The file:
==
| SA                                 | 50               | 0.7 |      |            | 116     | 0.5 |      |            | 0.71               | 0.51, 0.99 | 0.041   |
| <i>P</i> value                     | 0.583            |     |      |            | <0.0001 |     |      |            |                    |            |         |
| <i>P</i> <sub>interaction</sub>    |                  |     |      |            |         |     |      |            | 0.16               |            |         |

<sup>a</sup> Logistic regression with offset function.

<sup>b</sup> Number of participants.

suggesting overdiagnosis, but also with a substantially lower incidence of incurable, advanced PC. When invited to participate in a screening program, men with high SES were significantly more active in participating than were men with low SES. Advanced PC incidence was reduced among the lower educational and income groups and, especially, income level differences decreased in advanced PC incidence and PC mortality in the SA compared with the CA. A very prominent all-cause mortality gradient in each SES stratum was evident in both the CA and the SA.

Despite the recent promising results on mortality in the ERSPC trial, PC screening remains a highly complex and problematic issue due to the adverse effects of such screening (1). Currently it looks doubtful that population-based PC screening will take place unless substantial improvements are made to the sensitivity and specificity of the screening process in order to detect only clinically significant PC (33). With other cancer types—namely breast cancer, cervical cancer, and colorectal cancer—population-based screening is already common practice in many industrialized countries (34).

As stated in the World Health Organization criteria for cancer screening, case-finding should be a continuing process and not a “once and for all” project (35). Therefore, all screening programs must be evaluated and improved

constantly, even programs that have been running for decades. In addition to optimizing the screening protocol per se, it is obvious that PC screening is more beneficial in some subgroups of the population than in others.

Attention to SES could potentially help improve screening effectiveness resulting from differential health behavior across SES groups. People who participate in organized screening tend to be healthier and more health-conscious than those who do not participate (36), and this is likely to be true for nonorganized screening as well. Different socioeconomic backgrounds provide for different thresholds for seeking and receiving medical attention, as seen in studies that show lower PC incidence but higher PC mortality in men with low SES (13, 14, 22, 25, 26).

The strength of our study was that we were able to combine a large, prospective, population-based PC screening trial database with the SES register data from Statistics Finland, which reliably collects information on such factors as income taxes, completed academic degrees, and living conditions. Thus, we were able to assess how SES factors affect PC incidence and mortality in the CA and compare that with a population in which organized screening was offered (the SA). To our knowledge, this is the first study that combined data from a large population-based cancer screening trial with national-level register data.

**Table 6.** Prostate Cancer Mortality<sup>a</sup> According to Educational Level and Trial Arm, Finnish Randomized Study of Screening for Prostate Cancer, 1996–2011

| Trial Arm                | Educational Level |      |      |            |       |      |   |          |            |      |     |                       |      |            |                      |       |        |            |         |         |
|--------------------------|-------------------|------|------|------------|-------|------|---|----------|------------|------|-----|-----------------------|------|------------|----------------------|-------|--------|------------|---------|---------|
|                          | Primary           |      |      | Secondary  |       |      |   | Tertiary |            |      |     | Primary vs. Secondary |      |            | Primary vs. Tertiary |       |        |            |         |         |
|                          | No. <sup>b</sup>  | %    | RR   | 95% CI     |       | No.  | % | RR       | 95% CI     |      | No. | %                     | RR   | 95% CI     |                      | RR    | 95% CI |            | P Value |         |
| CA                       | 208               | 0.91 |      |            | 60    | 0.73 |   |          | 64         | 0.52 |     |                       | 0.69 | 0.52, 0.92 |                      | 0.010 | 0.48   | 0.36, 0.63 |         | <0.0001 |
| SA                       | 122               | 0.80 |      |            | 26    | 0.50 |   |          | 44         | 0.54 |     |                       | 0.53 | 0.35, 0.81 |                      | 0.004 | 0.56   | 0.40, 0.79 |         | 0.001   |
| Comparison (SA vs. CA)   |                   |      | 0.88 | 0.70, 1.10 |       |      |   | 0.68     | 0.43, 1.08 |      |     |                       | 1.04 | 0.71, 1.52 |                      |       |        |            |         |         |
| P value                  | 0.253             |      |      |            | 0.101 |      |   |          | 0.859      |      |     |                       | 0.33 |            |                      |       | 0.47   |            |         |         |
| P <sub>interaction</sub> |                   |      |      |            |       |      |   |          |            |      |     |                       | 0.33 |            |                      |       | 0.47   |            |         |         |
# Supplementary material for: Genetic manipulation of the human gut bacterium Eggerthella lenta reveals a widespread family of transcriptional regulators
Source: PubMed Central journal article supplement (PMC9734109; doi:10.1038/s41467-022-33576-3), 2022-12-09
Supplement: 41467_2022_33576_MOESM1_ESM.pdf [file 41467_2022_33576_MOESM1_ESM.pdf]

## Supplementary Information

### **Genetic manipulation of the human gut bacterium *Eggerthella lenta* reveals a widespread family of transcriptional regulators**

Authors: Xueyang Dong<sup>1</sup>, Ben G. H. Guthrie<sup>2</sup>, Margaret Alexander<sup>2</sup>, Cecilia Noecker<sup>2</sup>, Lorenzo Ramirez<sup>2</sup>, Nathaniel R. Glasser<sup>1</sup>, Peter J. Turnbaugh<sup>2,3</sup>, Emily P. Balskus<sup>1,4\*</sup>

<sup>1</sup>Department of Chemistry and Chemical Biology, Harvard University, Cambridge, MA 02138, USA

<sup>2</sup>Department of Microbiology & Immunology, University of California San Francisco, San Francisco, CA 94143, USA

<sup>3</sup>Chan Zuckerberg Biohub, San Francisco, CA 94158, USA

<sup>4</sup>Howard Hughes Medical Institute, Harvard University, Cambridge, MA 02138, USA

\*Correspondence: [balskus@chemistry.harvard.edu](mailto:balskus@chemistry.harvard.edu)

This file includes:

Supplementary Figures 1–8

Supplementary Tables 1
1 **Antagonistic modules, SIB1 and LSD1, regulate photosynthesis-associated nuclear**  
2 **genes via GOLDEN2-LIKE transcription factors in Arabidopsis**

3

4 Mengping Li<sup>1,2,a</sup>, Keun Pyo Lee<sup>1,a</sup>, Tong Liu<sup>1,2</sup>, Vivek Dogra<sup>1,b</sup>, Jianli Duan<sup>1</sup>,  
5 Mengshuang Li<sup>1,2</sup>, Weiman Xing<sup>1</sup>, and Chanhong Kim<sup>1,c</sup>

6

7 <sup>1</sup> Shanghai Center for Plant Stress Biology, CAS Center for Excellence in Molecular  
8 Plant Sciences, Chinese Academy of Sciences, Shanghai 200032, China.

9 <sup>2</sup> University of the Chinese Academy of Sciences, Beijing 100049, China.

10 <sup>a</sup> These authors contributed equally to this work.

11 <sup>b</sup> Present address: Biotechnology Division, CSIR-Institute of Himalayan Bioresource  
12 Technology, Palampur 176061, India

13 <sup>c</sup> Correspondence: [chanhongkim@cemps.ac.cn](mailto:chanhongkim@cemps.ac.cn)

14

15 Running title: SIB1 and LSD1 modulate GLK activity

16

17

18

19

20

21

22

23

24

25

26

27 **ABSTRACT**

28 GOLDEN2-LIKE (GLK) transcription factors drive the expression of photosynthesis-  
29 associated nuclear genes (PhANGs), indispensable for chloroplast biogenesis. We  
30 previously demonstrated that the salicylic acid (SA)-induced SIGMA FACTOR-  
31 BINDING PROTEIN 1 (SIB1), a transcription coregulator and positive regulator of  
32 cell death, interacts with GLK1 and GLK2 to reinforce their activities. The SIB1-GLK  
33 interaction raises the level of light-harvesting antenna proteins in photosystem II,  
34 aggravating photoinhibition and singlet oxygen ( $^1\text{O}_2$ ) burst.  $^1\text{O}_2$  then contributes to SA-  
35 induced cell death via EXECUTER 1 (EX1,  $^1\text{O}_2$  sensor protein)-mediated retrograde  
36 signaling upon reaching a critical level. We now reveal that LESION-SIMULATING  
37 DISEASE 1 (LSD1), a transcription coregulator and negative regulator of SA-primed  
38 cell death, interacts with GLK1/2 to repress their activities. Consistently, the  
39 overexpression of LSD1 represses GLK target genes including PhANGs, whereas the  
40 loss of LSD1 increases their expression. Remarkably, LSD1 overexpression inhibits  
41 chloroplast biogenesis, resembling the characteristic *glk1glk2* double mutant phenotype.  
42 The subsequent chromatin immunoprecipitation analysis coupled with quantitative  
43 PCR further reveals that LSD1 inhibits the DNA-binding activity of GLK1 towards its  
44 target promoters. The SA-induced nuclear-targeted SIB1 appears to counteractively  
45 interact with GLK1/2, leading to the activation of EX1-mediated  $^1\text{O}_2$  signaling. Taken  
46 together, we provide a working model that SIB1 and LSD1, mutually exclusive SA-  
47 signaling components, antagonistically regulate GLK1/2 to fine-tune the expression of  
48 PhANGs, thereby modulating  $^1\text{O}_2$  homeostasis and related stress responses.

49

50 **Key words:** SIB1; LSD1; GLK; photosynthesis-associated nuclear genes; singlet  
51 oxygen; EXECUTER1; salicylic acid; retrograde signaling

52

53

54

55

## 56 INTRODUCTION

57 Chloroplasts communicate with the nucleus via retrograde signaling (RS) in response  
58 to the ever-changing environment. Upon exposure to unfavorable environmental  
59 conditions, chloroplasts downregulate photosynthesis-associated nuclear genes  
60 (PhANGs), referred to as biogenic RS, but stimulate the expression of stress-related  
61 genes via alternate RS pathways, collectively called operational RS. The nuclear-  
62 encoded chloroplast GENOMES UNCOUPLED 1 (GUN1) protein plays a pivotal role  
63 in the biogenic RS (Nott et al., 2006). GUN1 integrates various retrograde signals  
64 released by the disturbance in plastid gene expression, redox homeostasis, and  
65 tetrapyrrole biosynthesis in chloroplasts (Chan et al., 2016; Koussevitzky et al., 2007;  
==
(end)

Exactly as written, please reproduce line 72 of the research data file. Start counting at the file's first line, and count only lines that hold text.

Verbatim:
37 DISEASE 1 (LSD1), a transcription coregulator and negative regulator of SA-primed  